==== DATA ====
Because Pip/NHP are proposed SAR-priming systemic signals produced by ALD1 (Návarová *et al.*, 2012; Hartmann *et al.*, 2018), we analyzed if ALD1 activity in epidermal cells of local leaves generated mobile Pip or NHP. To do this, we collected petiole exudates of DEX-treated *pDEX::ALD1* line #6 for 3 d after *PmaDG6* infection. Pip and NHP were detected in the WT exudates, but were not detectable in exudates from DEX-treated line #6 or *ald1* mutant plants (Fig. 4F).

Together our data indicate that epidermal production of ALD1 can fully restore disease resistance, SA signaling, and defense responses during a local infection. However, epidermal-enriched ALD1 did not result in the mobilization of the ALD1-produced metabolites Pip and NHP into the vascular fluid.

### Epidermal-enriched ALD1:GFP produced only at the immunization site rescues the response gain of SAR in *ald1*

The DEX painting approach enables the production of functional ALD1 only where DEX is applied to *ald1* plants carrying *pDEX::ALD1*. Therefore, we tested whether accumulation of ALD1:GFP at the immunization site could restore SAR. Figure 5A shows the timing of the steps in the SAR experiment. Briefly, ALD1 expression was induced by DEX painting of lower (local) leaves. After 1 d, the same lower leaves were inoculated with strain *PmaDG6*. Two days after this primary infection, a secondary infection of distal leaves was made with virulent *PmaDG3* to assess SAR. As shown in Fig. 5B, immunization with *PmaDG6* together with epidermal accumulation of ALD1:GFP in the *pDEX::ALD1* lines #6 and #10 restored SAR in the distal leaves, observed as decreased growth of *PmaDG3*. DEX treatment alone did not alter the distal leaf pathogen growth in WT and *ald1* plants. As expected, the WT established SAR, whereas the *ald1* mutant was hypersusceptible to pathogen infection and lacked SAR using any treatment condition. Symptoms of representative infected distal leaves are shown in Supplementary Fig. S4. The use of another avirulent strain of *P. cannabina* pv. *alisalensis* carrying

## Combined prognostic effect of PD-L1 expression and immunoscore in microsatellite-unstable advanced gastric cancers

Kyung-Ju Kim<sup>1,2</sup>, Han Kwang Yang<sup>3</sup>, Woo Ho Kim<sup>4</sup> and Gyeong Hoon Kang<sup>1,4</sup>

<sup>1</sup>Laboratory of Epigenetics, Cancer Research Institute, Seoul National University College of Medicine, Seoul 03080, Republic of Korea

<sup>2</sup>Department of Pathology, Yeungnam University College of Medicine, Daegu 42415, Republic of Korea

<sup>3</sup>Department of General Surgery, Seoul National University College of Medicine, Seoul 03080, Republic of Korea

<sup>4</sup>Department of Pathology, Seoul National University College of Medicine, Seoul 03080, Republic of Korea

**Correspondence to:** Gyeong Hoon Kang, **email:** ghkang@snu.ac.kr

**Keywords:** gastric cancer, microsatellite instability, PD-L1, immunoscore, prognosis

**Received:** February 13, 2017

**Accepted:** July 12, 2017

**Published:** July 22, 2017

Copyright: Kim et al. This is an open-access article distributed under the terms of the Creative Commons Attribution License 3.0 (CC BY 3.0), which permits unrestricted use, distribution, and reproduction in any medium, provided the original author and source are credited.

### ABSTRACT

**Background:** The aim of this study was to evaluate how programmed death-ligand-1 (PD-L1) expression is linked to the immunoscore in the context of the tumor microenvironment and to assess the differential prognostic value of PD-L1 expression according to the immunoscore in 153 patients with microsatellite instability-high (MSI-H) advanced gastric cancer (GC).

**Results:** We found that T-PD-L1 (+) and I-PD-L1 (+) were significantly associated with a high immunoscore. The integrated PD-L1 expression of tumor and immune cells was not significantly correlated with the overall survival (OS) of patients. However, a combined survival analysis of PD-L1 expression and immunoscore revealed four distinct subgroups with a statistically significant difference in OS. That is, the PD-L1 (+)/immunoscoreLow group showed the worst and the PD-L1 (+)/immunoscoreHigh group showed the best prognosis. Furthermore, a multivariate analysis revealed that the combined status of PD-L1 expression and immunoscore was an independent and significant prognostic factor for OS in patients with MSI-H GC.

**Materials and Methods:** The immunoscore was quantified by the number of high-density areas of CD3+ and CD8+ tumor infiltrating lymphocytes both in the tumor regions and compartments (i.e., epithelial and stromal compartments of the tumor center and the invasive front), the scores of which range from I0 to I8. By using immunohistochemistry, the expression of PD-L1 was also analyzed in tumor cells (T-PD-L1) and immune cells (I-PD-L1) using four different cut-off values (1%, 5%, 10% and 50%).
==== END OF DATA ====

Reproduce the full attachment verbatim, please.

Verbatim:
Because Pip/NHP are proposed SAR-priming systemic signals produced by ALD1 (Návarová *et al.*, 2012; Hartmann *et al.*, 2018), we analyzed if ALD1 activity in epidermal cells of local leaves generated mobile Pip or NHP. To do this, we collected petiole exudates of DEX-treated *pDEX::ALD1* line #6 for 3 d after *PmaDG6* infection. Pip and NHP were detected in the WT exudates, but were not detectable in exudates from DEX-treated line #6 or *ald1* mutant plants (Fig. 4F).

Together our data indicate that epidermal production of ALD1 can fully restore disease resistance, SA signaling, and defense responses during a local infection. However, epidermal-enriched ALD1 did not result in the mobilization of the ALD1-produced metabolites Pip and NHP into the vascular fluid.

### Epidermal-enriched ALD1:GFP produced only at the immunization site rescues the response gain of SAR in *ald1*

The DEX painting approach enables the production of functional ALD1 only where DEX is applied to *ald1* plants carrying *pDEX::ALD1*. Therefore, we tested whether accumulation of ALD1:GFP at the immunization site could restore SAR. Figure 5A shows the timing of the steps in the SAR experiment. Briefly, ALD1 expression was induced by DEX painting of lower (local) leaves. After 1 d, the same lower leaves were inoculated with strain *PmaDG6*. Two days after this primary infection, a secondary infection of distal leaves was made with virulent *PmaDG3* to assess SAR. As shown in Fig. 5B, immunization with *PmaDG6* together with epidermal accumulation of ALD1:GFP in the *pDEX::ALD1* lines #6 and #10 restored SAR in the distal leaves, observed as decreased growth of *PmaDG3*. DEX treatment alone did not alter the distal leaf pathogen growth in WT and *ald1* plants. As expected, the WT established SAR, whereas the *ald1* mutant was hypersusceptible to pathogen infection and lacked SAR using any treatment condition. Symptoms of representative infected distal leaves are shown in Supplementary Fig. S4. The use of another avirulent strain of *P. cannabina* pv. *alisalensis* carrying

## Combined prognostic effect of PD-L1 expression and immunoscore in microsatellite-unstable advanced gastric cancers

Kyung-Ju Kim<sup>1,2</sup>, Han Kwang Yang<sup>3</sup>, Woo Ho Kim<sup>4</sup> and Gyeong Hoon Kang<sup>1,4</sup>

<sup>1</sup>Laboratory of Epigenetics, Cancer Research Institute, Seoul National University College of Medicine, Seoul 03080, Republic of Korea

<sup>2</sup>Department of Pathology, Yeungnam University College of Medicine, Daegu 42415, Republic of Korea

<sup>3</sup>Department of General Surgery, Seoul National University College of Medicine, Seoul 03080, Republic of Korea

<sup>4</sup>Department of Pathology, Seoul National University College of Medicine, Seoul 03080, Republic of Korea

**Correspondence to:** Gyeong Hoon Kang, **email:** ghkang@snu.ac.kr

**Keywords:** gastric cancer, microsatellite instability, PD-L1, immunoscore, prognosis

**Received:** February 13, 2017

**Accepted:** July 12, 2017

**Published:** July 22, 2017

Copyright: Kim et al. This is an open-access article distributed under the terms of the Creative Commons Attribution License 3.0 (CC BY 3.0), which permits unrestricted use, distribution, and reproduction in any medium, provided the original author and source are credited.

### ABSTRACT

**Background:** The aim of this study was to evaluate how programmed death-ligand-1 (PD-L1) expression is linked to the immunoscore in the context of the tumor microenvironment and to assess the differential prognostic value of PD-L1 expression according to the immunoscore in 153 patients with microsatellite instability-high (MSI-H) advanced gastric cancer (GC).

**Results:** We found that T-PD-L1 (+) and I-PD-L1 (+) were significantly associated with a high immunoscore. The integrated PD-L1 expression of tumor and immune cells was not significantly correlated with the overall survival (OS) of patients. However, a combined survival analysis of PD-L1 expression and immunoscore revealed four distinct subgroups with a statistically significant difference in OS. That is, the PD-L1 (+)/immunoscoreLow group showed the worst and the PD-L1 (+)/immunoscoreHigh group showed the best prognosis. Furthermore, a multivariate analysis revealed that the combined status of PD-L1 expression and immunoscore was an independent and significant prognostic factor for OS in patients with MSI-H GC.

**Materials and Methods:** The immunoscore was quantified by the number of high-density areas of CD3+ and CD8+ tumor infiltrating lymphocytes both in the tumor regions and compartments (i.e., epithelial and stromal compartments of the tumor center and the invasive front), the scores of which range from I0 to I8. By using immunohistochemistry, the expression of PD-L1 was also analyzed in tumor cells (T-PD-L1) and immune cells (I-PD-L1) using four different cut-off values (1%, 5%, 10% and 50%).